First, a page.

Phytotoxicity can simply be described as plant poisoning. This generally occurs when a substance or mixture of substances are sprayed or dusted onto plants and those plants suffer negative effects afterward. Since there is generally no guarantee that any lawn and garden product is safe for all plants, phytotoxicity can result from products such as plant foods, pesticides, and herbicides. The effects can include death, abnormal growth, or discoloration of plants.
There are many ways that phytotoxicity can occur, and there are often different time frames in which the effects will be seen. In some instances, plants react to substances like humans with food allergies react to certain foods. The substance can be applied, and within a short period, it will become evident that the plants are intolerant to it.
Over-spraying can also result in phytotoxicity. Sometimes plant growers over-spray when they use too much of a substance. The plants may be able to tolerate a substance in smaller doses, but a grower may consciously or unconsciously over-saturate her plants only to find that she poisons them. This is one reason why many lawn and garden products have directions and suggested application amounts.
A grower can also over-spray by mixing substances that her plants cannot tolerate. The plants may be able to handle those substances individually, or the plants may be completely intolerant of certain contents in a mixture. It is much the same as when products such as ammonia and bleach are mixed for cleaning purposes. Individually, those products can be used successfully, but mixing them results in a dangerous concoction.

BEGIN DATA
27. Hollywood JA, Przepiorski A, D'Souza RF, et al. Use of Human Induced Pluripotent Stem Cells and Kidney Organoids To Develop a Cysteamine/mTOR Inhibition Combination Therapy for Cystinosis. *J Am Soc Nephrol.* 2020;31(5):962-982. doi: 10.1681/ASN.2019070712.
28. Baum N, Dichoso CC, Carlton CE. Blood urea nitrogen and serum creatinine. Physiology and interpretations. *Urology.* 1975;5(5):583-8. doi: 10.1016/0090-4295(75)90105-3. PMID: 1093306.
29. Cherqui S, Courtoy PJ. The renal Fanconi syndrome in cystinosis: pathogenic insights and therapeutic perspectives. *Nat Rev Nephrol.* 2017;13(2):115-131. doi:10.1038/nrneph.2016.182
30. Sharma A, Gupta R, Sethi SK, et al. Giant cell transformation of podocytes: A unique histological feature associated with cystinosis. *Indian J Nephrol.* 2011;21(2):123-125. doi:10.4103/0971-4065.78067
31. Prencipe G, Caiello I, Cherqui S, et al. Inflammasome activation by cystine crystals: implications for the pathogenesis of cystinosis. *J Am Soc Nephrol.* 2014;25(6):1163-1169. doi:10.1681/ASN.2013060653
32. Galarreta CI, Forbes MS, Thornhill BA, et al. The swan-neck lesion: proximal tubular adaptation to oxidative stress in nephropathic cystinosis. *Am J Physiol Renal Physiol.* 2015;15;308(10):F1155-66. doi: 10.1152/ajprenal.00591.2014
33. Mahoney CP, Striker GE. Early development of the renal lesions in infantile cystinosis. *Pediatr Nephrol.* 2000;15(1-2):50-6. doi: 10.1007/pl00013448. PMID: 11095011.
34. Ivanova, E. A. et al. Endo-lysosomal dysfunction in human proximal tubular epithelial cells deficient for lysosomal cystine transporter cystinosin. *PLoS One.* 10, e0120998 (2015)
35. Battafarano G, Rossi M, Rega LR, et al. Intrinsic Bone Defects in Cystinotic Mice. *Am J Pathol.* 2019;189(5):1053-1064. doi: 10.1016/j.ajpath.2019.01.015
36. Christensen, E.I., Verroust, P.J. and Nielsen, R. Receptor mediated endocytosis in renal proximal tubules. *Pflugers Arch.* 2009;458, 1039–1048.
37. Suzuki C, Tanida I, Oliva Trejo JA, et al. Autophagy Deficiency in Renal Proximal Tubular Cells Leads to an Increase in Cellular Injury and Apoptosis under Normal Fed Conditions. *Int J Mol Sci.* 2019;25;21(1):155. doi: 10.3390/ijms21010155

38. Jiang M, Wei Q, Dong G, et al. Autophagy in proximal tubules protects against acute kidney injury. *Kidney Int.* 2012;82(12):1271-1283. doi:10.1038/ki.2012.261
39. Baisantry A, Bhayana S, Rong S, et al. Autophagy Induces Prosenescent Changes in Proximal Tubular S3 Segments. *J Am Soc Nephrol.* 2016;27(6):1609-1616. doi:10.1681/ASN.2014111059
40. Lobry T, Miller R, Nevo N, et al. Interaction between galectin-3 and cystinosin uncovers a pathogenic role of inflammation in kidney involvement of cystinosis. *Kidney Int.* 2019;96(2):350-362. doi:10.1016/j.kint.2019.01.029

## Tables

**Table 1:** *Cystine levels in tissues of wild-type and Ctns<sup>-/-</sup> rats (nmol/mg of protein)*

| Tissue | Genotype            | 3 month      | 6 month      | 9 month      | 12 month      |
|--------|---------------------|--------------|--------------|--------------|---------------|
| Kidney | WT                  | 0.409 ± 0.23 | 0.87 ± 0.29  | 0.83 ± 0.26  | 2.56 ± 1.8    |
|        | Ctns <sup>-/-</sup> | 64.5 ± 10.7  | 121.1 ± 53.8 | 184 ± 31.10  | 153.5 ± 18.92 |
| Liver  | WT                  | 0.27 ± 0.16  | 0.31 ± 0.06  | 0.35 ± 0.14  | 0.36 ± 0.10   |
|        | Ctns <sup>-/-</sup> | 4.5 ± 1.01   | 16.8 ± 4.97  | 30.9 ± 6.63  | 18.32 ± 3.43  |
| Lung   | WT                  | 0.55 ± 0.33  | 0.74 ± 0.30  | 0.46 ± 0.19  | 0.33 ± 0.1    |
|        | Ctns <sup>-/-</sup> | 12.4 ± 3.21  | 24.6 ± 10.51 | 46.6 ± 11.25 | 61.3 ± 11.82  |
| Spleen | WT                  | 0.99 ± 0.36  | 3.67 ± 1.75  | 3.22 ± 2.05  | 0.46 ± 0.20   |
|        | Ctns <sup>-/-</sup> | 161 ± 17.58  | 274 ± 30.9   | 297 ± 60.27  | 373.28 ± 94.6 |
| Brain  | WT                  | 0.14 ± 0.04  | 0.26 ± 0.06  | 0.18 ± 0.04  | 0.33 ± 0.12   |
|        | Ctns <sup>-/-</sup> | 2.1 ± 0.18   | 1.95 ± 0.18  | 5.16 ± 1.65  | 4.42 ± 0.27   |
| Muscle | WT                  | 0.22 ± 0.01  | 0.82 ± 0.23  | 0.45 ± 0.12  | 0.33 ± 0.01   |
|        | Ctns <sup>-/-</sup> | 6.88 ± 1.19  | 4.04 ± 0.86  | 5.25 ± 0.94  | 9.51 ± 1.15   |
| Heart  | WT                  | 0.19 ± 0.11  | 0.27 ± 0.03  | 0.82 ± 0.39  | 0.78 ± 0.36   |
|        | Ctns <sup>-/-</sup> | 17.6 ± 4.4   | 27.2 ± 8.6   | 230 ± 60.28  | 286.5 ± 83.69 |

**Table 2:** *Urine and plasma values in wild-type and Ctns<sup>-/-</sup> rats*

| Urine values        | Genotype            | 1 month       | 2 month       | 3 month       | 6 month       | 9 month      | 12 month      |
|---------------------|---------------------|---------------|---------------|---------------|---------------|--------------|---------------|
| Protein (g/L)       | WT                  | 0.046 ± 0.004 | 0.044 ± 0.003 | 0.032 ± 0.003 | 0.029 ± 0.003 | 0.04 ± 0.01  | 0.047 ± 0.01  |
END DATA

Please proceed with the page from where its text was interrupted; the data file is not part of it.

Some substances will not cause plants harm the first time they are sprayed. Phytotoxicity can result after numerous uses although the initial use provided no negative indications. There may be several explanations for this.
It could be a situation where the grower is not allowing sufficient time between applications, so the chemicals are building up. There is also the possibility that weather has had an impact on certain substances. This can happen when there is a lack of rain or if chemicals that work best in cooler climates are exposed to excessive heat.
Another culprit that may cause phytotoxicity is dirty equipment. Growers can poison their plants simply because they have not properly cleaned spray bottles or tanks. When a grower puts a substance into a dirty container, she is unknowingly exposing it to traces of other substances which could have detrimental effects on her plants. This may not happen immediately, but eventually the plant could be affected by the undetected substance.
There are several ways to reduce the chances of phytotoxicity. Growers are generally encouraged to read labels or informational pamphlets before using a product. Growers are also typically advised to perform sample applications if they are not sure of the effects a product will have on a particular plant species. Furthermore, before mixing substances, an inexperienced grower should seek advice from a professional.